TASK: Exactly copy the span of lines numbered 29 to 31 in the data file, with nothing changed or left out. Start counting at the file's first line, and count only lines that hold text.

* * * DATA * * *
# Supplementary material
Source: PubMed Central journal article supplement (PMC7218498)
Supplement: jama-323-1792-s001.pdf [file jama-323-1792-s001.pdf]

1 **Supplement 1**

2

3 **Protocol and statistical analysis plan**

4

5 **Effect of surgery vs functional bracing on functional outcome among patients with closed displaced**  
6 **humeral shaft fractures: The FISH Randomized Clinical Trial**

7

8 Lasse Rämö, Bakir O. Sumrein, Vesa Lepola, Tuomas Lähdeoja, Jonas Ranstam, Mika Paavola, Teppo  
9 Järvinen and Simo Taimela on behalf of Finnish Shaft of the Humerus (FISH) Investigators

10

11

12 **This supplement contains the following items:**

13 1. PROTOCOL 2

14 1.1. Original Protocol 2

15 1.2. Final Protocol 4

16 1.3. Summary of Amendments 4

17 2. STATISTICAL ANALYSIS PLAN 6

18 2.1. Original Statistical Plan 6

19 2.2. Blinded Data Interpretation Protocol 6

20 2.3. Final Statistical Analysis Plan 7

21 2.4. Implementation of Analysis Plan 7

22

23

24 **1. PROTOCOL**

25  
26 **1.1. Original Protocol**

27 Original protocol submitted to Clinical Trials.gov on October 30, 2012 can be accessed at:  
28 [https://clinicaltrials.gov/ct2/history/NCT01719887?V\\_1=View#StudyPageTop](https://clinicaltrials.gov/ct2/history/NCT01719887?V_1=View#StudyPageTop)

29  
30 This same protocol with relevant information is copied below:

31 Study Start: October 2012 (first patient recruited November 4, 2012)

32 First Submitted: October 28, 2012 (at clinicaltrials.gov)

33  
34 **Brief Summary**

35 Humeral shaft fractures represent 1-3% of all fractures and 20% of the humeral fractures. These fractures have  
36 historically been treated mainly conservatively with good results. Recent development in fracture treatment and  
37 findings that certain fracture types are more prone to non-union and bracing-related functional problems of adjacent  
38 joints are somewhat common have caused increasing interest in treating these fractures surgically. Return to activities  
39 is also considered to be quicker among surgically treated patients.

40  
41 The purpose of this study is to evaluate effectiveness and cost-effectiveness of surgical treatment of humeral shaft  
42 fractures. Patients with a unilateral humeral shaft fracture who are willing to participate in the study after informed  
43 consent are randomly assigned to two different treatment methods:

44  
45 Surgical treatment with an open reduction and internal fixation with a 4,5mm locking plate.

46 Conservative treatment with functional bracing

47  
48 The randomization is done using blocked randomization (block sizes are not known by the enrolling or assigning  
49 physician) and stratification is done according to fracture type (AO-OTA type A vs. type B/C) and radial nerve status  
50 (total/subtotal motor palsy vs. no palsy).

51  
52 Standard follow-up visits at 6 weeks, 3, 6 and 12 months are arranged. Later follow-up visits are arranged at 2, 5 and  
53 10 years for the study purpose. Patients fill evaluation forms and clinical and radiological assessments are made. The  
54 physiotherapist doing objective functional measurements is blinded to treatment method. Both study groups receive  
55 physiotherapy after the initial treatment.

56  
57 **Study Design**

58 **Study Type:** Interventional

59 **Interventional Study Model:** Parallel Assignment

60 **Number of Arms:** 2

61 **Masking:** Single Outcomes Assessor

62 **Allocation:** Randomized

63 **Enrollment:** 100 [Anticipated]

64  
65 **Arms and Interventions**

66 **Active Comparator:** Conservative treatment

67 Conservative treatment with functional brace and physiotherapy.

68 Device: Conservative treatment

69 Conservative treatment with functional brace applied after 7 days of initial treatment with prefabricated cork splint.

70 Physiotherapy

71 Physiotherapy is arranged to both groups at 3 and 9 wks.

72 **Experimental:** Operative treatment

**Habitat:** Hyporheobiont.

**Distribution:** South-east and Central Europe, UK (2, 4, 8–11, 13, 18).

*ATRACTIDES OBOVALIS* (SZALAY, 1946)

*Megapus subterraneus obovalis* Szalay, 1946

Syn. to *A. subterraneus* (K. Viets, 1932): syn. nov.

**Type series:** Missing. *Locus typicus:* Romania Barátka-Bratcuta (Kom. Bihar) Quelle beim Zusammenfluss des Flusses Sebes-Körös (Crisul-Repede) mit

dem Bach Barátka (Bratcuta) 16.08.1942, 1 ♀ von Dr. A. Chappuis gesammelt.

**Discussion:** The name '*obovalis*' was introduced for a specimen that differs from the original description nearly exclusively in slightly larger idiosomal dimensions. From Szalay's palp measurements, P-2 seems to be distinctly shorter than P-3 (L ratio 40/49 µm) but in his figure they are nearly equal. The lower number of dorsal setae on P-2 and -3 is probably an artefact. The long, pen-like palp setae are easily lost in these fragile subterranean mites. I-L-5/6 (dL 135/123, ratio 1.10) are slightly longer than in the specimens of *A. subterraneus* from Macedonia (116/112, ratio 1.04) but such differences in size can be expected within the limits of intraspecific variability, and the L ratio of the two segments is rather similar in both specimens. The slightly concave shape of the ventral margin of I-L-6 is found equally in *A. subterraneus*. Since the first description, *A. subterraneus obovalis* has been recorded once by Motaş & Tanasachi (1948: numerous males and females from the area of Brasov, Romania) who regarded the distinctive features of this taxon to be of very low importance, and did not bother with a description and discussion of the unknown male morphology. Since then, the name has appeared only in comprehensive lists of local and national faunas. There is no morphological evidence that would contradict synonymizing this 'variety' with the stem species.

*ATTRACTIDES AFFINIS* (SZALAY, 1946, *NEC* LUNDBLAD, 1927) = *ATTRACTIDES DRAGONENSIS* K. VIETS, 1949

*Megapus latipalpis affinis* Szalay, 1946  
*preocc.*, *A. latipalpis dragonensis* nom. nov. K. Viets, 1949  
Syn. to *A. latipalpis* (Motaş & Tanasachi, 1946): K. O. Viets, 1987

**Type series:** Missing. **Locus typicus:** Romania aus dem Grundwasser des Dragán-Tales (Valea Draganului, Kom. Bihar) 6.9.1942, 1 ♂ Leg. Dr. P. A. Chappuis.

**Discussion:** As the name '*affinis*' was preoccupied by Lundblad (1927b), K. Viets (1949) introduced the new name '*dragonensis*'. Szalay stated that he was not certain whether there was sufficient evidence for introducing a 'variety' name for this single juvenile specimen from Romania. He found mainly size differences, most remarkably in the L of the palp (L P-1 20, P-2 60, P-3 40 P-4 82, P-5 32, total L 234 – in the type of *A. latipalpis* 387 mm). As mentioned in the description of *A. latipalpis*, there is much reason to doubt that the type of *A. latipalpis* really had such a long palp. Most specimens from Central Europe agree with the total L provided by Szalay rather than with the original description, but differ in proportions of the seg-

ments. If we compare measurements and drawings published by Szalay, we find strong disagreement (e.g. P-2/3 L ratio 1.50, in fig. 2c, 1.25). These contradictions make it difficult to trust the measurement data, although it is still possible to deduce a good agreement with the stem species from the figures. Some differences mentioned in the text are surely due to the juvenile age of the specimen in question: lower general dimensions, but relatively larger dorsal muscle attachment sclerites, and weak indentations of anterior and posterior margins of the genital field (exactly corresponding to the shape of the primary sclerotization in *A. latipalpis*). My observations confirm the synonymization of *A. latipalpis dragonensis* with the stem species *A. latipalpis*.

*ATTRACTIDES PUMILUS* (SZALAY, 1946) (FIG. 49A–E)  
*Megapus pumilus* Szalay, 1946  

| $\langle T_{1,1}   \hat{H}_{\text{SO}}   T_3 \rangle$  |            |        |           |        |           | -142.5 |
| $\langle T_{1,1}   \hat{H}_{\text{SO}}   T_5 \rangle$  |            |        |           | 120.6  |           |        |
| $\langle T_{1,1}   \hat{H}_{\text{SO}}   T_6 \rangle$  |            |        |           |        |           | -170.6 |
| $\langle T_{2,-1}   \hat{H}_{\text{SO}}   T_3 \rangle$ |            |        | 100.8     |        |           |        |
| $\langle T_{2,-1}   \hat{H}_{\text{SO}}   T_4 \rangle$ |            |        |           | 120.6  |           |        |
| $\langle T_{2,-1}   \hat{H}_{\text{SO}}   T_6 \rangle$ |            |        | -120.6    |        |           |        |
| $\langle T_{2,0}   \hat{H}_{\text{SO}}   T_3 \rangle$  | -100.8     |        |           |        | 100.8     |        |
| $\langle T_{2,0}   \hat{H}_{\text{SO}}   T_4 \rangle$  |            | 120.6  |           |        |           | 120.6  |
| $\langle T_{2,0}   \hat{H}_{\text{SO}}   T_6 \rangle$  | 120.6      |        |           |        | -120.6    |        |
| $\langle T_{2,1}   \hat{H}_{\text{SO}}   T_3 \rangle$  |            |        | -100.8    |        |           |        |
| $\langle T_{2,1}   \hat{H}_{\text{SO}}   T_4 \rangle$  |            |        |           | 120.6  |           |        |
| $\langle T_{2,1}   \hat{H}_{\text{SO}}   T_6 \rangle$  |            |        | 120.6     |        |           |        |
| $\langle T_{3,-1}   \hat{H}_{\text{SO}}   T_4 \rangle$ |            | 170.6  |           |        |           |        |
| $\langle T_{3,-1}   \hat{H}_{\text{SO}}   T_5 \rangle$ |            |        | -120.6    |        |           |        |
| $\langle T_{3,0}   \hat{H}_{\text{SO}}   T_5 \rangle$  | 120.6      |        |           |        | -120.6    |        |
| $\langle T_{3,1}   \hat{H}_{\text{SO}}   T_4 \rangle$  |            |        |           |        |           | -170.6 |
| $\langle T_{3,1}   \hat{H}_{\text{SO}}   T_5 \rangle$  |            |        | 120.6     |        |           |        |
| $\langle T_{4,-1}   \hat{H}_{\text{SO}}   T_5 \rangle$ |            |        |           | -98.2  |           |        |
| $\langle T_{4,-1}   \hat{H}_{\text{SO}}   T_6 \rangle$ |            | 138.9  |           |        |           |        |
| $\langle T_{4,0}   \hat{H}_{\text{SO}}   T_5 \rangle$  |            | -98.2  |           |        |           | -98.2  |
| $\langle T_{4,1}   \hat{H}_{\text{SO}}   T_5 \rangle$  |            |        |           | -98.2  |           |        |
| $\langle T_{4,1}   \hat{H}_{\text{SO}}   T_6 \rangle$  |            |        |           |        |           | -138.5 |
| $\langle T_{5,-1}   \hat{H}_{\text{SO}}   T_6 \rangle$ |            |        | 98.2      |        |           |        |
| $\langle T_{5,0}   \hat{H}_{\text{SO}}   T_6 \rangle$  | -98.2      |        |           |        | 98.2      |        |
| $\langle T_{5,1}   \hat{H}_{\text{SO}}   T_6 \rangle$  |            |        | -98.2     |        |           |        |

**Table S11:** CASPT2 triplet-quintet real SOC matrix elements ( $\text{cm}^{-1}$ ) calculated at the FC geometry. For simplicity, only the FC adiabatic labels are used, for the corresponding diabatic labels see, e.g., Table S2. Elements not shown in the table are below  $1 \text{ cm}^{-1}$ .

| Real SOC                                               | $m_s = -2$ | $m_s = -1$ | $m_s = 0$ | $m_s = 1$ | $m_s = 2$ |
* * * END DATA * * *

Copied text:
26 **1.1. Original Protocol**

27 Original protocol submitted to Clinical Trials.gov on October 30, 2012 can be accessed at:  
28 [https://clinicaltrials.gov/ct2/history/NCT01719887?V\\_1=View#StudyPageTop](https://clinicaltrials.gov/ct2/history/NCT01719887?V_1=View#StudyPageTop)